```DOING PHYSICS WITH MATLAB
QUANTUM PHYSICS
SCHRODINGER EQUATION
Solving the time independent Schrodinger Equation using
the method of finite differences
Ian Cooper
School of Physics, University of Sydney
[email protected]
se_fdm.m
The Matlab script se_fdm.m is used to solve the one-dimensional time independent
Schrodinger Equation using a finite difference approach where E is entered manually to
find acceptable solutions.
SCHRODINGER EQUATION
On an atomic scale, all particles exhibit a wavelike behavior. Particles can be
represented by wavefunctions which obey a differential equation, the Schrodinger
Wave Equation which relates spatial coordinates and time. You can gain valuable
insight into quantum mechanics by studying the solutions to the one-dimensional time
independent Schrodinger Equation.
A wave equation that describes the behavior of an electron was developed by
Schrodinger in 1925. He introduced a wavefunction  ( x, y, z, t ) . This is a purely
mathematical function and does not represent any physical entity. An interpretation of
the wave function was given by Born in 1926 who suggested that the quantity
 ( x, y, z, t ) represents the probability density of finding an electron. For the one
2
dimensional case, the probability of finding the electron at time t somewhere between x1
and x2 is given by
1
(1)
x2
Prob(t )    ( x, t ) * ( x, t ) dx
x1
where  * is the complex conjugate of the wavefunction  . The value of Prob(t) must
lie between 0 and 1 and so when we integrate over all space, the probability of finding
the electron must be 1.



( x, t ) * ( x, t ) dx  1
In this instance the wavefunction  is said to be normalized.
We can see how the time-independent Schrodinger Equation in one dimension is
plausible for a particle of mass m, whose motion is governed by a potential energy
function U(x) by starting with the classical one dimensional wave equation and using
the de Broglie relationship
Classical wave equation
 2 ( x, t ) 1  2 ( x, t )
 2
0
x 2
v
t 2
Momentum (de Broglie)
p  mv 
Kinetic energy
K  12 m v 2
Total energy
E  K ( x)  U ( x)
Wavefunction
( x, t )   ( x) ei  t periodic in time for t coordinate
h

 k
Combining the above relationships, the time-independent Schrodinger Equation in
one dimension can be expressed as
(2)

d 2 ( x)
 U ( x)  ( x)  E  ( x)
2m dx 2
2
Our goal is to find solutions of this form of the Schrodinger Equation for a potential
energy function which traps the particle within a region. The negative slope of the
potential energy function gives the force on the particle. For the particle to be bound the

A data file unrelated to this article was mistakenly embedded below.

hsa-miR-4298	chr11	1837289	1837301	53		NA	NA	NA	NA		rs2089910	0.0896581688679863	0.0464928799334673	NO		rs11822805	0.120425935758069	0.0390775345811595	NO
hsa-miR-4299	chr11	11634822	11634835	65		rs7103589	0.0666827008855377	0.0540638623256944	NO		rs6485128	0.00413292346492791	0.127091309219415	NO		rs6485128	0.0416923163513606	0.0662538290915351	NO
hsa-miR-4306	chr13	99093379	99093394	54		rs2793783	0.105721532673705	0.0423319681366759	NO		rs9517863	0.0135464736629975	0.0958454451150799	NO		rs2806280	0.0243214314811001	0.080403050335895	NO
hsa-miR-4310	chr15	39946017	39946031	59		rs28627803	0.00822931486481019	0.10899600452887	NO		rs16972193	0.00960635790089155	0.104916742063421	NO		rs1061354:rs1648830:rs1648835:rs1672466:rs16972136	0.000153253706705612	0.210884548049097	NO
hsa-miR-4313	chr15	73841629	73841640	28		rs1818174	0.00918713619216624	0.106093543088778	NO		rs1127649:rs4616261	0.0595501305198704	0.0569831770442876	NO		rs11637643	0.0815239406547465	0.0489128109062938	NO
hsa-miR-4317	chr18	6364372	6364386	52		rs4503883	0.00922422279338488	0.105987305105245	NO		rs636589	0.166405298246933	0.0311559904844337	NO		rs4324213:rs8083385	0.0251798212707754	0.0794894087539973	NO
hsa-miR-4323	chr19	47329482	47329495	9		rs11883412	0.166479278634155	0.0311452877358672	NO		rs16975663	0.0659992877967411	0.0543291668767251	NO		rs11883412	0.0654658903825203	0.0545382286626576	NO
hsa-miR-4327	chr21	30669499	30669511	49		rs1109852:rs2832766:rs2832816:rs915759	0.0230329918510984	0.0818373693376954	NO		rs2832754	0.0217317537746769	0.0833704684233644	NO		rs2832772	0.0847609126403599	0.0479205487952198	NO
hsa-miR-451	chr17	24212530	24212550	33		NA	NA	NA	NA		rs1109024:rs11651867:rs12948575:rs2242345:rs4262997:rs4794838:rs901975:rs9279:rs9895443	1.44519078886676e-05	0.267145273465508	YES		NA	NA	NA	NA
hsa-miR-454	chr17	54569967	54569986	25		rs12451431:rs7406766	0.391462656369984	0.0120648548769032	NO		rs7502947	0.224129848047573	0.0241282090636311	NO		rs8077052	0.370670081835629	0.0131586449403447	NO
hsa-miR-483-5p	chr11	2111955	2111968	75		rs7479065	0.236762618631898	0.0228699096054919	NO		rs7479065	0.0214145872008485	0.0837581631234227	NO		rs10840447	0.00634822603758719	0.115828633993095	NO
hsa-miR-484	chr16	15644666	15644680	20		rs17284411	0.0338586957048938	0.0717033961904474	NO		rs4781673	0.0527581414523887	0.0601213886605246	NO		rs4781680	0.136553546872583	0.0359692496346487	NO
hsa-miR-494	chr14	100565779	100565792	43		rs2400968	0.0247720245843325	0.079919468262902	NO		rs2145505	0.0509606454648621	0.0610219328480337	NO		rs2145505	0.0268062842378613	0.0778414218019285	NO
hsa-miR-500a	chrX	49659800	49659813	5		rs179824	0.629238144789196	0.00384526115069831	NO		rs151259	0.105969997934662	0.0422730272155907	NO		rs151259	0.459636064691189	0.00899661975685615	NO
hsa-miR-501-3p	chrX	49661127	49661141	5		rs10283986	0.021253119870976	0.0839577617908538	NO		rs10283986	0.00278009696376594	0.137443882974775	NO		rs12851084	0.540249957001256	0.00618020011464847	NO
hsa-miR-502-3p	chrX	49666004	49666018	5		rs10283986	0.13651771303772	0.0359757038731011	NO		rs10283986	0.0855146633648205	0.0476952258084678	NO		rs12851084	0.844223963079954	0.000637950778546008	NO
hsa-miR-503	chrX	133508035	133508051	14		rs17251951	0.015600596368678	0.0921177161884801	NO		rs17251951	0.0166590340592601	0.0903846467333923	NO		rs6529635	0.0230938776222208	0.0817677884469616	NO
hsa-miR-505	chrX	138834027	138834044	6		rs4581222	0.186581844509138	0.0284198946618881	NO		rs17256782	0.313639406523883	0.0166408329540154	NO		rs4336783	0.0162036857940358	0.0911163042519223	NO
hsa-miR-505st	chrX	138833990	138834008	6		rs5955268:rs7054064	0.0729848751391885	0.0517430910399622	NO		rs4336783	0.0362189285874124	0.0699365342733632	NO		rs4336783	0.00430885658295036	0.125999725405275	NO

force acting on the particle is attractive. The solutions must also satisfy the boundary
conditions for the wavefunction. The probability of finding the particle must be 1,
therefore, the wavefunction must approach zero as the position from the trapped region
increases. The imposition of the boundary conditions on the wavefunction results in a
discrete set of values for the total energy E of the particle and a corresponding
2
wavefunction for that energy, just like a vibrating guitar string which has a set of
normal modes of vibration in which there is a harmonic sequence for the vibration
frequencies.
The Schrodinger Equation can be solved analytically for only a few forms of the
potential energy function. In this paper we will consider the finite difference method in
which the second derivative is approximated as a difference formula.
FINITE DIFFERENCE METHOD
One can use the finite difference method to solve the Schrodinger Equation to find
physically acceptable solutions. One can also use the Matlab ode functions to solve the
Schrodinger Equation but this is more complex to write the m-script and not as versatile
as using the finite difference method. The finite difference method allows you to easily
investigate the wavefunction dependence upon the total energy. The ‘heart’ of the finite
difference method is the approximation of the second derivative by the difference
formula
(3)
d 2 ( x)  ( x  x)  2 ( x)  ( x  x)

dx 2
x 2
and the Schrodinger Equation is expressed as
(4)
d 2 ( x)
  k ( x ) 2  ( x)
dx 2
 2m 
k ( x)   2   E  U ( x ) 


We will consider an electron trapped in a potential well of width L and depth U0 as
shown in Figure 1. In regions where E > U(x), k(x) is real and  ( x) has a sinusoidal
shape and this corresponds to the classical allowed region (kinetic energy K > 0). In
regions where E < U(x), k(x) is imaginary and  ( x) has an exponential increasing or
decreasing nature and this corresponds to the classical forbidden (kinetic energy K < 0).
The function
d 2
is the curvature of the wavefunction and its negative is a measure of
dx 2
the kinetic energy of the particle (Figure 1).
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classical
allowed
region
energy
U=0
E> U
 K>0
U(x)
U(x)
positive
curvature
negative
curvature
 0
positive
curvature
E
E< U  K < 0
E= K + U
E< U  K < 0
 ( x)